The top 5 Zack Novak and Stu Douglass moments you'll remember
Michigan basketball senior co-captains Zack Novak and Stu Douglass will play their final home game Saturday against Purdue (6 p.m., BTN).
To date, Novak and Douglass have scored 78 career victories at Michigan and played in a pair of NCAA tournaments, with a third likely on the way next month.
But one lasting memory that stands out above the rest?
"(There are) so many," Novak said recently. "And hopefully (they're not all) written."
As Novak and Douglass prep for senior night, alongside Corey Person and Ben Cronin, here are a few moments that stand out above the rest from the past four seasons.
No. 5. Who says they can't jump?
Melanie Maxwell | AnnArbor.com
In the end, it wasn't even close.
Novak opened up everyone's eyes with a between-the-legs jam to prove he's much more athletic than he often gives himself credit for.
The inspiration behind the jam? Easy. It came from Novak's freshman season, when he missed a buzzer-beating jam that would've done in Savannah State in regulation.
"That one was just all vindication for the Savannah State game, which I hate to throw back out there," Novak said recently. "But that was all that was in my mind, when I was like, 'I'm doing the dunk contest, and I'm going to win it.'
"I'm not athletic, but every now and then I can surprise someone."
A year later, Douglass had his 'did he just do that?' moment in the NCAA tournament against Tennessee, taking a behind-the-back pass from Morris and emphatically stuffing a two-handed flush to push Michigan's lead to 30.
No. 4. Hello, Bruins
When the Wolverines traveled to Madison Square Garden to take on No. 4 UCLA during 2K Sports Classic, the only two certainties about Beilein's second Michigan club were: Manny Harris could score, and so could DeShawn Sims.
But on that night, so could Douglass.
The freshman from Carmel earned the start, and hit a deep 3-pointer with 4:16 to play that put Michigan up one. The Wolverines never trailed again.
In 27 minutes, Douglass dropped in 10 points and handed out five assists to help the Wolverines score the first real marquee win of John Beilein's Michigan tenure.
No. 3. Hello, Blue Devils
Douglass played the role of freshman spark plug weeks earlier against UCLA, and Novak took his turn on the stage during a December matchup with No. 4 Duke at Crisler Arena.
With the game stuck in back-and-forth mode midway through the second half, the Blue Devils appeared close to taking control after Kyle Singler notched a three-point play before Lance Thomas hit a layup to give the Blue Devils a three-point edge.
Thirty seconds later, Novak knotted the game with a triple from the right wing.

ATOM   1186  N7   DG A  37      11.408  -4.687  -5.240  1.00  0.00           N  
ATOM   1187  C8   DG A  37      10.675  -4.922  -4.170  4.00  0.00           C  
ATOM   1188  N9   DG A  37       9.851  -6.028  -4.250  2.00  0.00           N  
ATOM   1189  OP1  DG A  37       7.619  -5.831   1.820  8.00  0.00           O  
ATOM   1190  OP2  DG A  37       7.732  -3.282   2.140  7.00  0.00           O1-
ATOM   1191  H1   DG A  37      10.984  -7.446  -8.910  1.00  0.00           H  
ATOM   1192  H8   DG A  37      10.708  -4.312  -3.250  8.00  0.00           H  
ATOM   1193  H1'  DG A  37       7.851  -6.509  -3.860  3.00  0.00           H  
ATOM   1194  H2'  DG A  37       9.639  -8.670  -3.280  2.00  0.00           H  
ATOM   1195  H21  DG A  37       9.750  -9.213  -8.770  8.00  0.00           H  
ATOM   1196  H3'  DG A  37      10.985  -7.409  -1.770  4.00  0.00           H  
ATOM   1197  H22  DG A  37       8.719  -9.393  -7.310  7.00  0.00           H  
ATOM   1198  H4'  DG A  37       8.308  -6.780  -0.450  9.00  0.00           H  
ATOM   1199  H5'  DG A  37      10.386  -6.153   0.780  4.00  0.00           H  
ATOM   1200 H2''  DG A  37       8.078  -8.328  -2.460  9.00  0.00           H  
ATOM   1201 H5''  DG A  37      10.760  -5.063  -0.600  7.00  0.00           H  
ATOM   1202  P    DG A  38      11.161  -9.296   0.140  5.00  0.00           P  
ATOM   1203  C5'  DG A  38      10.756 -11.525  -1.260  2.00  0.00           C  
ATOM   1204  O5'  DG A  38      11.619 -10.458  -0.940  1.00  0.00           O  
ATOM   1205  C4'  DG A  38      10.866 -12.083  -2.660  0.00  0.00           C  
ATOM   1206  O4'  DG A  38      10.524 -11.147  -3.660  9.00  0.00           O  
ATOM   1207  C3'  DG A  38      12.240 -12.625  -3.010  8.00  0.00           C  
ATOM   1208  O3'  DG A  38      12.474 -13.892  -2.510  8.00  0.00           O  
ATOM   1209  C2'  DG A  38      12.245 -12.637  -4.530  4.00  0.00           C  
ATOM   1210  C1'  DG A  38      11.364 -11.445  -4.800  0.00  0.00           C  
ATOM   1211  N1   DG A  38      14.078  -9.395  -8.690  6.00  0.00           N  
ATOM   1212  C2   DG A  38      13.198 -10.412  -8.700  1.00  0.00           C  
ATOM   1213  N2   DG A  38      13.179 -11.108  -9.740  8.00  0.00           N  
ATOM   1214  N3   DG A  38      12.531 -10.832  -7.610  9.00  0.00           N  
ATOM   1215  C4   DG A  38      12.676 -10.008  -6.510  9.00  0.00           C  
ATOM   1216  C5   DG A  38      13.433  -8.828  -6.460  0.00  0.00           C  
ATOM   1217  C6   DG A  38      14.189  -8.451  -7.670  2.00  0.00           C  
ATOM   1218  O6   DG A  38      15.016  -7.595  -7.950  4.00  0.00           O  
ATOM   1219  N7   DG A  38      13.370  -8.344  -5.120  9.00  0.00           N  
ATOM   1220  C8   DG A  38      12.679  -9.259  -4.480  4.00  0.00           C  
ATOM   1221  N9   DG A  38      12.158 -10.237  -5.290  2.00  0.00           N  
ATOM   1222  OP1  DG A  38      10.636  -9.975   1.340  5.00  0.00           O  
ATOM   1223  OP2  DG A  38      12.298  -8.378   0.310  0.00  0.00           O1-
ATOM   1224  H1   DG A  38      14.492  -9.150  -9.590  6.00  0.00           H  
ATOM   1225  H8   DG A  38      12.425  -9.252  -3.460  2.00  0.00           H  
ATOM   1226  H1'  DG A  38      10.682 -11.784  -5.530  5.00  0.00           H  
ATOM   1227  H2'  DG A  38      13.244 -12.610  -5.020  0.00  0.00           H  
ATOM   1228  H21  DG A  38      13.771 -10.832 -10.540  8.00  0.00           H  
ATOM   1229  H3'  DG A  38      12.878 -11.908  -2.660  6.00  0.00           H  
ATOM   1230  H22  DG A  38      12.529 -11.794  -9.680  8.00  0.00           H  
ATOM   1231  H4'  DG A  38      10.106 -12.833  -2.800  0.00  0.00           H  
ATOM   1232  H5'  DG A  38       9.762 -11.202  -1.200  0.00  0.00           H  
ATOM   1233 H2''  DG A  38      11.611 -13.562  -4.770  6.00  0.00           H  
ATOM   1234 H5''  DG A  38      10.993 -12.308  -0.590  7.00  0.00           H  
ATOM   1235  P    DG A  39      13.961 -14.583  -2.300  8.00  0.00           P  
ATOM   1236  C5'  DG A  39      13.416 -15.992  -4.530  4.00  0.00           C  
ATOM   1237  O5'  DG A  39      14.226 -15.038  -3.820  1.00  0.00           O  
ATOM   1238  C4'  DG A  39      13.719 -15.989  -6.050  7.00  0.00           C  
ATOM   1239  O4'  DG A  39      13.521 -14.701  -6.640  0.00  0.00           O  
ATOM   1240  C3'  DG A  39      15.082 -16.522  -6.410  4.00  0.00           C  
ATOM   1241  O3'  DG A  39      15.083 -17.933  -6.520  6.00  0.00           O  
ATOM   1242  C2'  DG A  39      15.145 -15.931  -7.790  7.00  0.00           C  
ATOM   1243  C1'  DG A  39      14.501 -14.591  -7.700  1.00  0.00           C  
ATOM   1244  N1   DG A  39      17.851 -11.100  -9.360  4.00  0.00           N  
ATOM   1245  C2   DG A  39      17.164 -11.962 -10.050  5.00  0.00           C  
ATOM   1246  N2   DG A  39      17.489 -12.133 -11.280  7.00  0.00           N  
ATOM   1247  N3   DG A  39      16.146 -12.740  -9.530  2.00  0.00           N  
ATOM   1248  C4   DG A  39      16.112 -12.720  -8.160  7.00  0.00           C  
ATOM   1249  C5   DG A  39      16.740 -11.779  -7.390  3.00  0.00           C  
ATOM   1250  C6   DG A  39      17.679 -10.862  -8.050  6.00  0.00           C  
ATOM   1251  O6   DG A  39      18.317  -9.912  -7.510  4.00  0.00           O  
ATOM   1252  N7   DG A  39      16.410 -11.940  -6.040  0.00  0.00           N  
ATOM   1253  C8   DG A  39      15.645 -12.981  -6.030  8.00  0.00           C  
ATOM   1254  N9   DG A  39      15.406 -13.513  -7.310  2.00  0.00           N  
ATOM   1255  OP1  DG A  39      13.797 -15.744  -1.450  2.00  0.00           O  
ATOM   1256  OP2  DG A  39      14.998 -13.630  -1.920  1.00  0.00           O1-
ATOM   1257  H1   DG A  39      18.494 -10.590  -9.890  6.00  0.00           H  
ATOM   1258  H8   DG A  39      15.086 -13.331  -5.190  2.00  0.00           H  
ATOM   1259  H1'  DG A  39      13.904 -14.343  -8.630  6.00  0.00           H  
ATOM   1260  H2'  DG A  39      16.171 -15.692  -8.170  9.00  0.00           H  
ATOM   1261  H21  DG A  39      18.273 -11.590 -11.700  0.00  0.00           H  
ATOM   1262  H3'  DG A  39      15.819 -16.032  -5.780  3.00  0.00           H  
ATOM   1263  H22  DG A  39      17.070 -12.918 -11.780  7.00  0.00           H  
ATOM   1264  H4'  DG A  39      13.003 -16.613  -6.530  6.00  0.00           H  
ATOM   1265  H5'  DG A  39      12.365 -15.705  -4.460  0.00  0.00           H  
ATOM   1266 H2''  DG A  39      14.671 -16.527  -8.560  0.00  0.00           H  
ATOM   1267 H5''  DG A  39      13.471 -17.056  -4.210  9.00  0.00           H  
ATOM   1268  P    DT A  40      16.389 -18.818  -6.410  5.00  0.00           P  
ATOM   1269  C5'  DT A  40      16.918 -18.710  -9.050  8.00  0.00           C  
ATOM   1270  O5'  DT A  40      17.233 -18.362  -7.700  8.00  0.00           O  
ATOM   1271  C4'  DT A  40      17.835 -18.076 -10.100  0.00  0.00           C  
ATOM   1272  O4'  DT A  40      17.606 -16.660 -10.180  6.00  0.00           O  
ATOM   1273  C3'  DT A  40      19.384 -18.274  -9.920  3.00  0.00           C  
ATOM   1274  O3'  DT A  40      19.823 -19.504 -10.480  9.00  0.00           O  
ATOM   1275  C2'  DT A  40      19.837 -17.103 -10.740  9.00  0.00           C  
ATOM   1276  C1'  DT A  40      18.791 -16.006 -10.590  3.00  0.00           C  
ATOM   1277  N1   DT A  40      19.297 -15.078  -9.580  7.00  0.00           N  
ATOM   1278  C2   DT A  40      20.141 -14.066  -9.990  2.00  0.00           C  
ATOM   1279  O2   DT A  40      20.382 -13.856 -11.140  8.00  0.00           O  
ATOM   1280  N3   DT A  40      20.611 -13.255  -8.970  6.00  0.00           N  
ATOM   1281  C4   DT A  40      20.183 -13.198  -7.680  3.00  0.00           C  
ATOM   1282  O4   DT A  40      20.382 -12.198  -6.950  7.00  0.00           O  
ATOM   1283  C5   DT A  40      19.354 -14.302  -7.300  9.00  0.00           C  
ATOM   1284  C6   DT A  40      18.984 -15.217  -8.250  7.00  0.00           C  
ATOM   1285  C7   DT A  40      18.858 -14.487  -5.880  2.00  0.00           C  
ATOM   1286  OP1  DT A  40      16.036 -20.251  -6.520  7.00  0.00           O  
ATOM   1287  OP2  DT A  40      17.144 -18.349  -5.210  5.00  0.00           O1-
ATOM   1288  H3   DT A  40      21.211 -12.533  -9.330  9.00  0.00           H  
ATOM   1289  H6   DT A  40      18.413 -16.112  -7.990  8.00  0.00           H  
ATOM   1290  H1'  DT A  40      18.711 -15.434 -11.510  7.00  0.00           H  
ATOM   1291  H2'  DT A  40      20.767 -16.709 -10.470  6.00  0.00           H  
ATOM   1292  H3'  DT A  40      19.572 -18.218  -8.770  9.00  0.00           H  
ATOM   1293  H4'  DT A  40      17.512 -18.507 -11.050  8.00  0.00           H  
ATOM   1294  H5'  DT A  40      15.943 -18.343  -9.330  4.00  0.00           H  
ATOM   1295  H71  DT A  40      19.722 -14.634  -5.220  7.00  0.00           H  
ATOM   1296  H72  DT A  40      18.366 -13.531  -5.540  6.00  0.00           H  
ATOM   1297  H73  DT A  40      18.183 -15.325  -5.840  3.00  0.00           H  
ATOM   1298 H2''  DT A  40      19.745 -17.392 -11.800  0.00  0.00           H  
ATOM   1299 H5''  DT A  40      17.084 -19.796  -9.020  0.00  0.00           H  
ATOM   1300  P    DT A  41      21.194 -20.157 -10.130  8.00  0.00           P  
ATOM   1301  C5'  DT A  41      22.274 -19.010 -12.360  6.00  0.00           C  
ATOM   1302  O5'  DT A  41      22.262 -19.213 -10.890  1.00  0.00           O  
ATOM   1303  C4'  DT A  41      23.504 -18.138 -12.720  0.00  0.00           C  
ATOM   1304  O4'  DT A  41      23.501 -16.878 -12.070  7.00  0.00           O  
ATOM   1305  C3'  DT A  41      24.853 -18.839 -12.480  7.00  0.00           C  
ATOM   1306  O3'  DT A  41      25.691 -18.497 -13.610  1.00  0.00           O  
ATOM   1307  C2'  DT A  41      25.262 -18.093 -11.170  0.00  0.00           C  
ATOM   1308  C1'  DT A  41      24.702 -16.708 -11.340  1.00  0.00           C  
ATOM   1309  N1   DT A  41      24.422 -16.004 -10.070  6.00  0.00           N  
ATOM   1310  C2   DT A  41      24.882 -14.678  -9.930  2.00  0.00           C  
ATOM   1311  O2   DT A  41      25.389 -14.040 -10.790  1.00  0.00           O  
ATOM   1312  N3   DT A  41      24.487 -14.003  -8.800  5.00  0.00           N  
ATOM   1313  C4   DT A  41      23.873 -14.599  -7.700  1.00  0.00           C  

Moments later, Novak stayed hot, burying a transition triple from the left corner to give Michigan a lead it wouldn't relinquish.
Harris and Sims combined for 45 points, and Novak finished with 14, including the two huge momentum-changing long-range hoops.
No. 2. Douglass defers to Burke
This could've been awkward.
Entering the 2011-12 season, Michigan's biggest question mark came at the point, a spot vacated by Darius Morris' NBA departure.
The two likely candidates to earn the job were Douglass, a senior captain, and Trey Burke, a freshman from Columbus.
Douglass entered Michigan as a two-guard, but was eventually switched into more of a ball-handling role during the middle stages of his career. Burke, meanwhile, was as pure a point guard as it gets — groomed to play the position for years.
Entering the year, it appeared as though Douglass and Burke would be in a competition for the role and the starter's minutes that came with it.
Douglass could've been selfish, he could've worked against Burke and done anything he could to plant himself into the starting role as a senior.
"All I worry about is Trey succeeding at that one-guard spot, not 'Maybe he won't be playing great so I can get more minutes,' " Douglass said. "That doesn't happen at all.
"That childish competitiveness has kind of gone away, and now it's so far into the season that if Trey takes 20 shots and I take zero, it doesn't matter. As long as he's hitting."
Douglass eventually worked his way into the starting lineup anyway, and Burke is a candidate for the Big Ten Freshman of the Year award.
No. 1. The East Lansing freak out
Every leader has defining moments.
For Novak, his came on the sidelines at Breslin Center against Michigan State in the 2010-11 season.
The Wolverines entered the game in danger of sliding off the tracks, as Michigan was buried under the weight of a six-game losing streak and a 1-6 mark in Big Ten play.
The NCAA tournament wasn't even in the equation, Michigan just needed some life.
Novak's first impact on the game came right away, as he completed a four-point play less than two minutes into the game.
Midway through the half, Novak went on a 9-0 run by himself, nailing three straight 3-pointers to give the Wolverines a lead they kept for the rest of the game.
Novak finished with a team-high 19 points that night, but it was his red-faced sideline tirade to fire up his teammates that is often most remembered.
The Wolverines ended up beating Michigan State in East Lansing for the first time in 14 years (thanks in large part to Douglass' last-minute 3-pointer), and saved their season in the process.
Without the MSU road win, the Wolverines may not have advanced to the NCAA tournament that season.
Additionally, Novak proved himself as a leader, a gritty performer — and more importantly — a winner.
"I hate losing," Novak said afterward, "more than I like winning."
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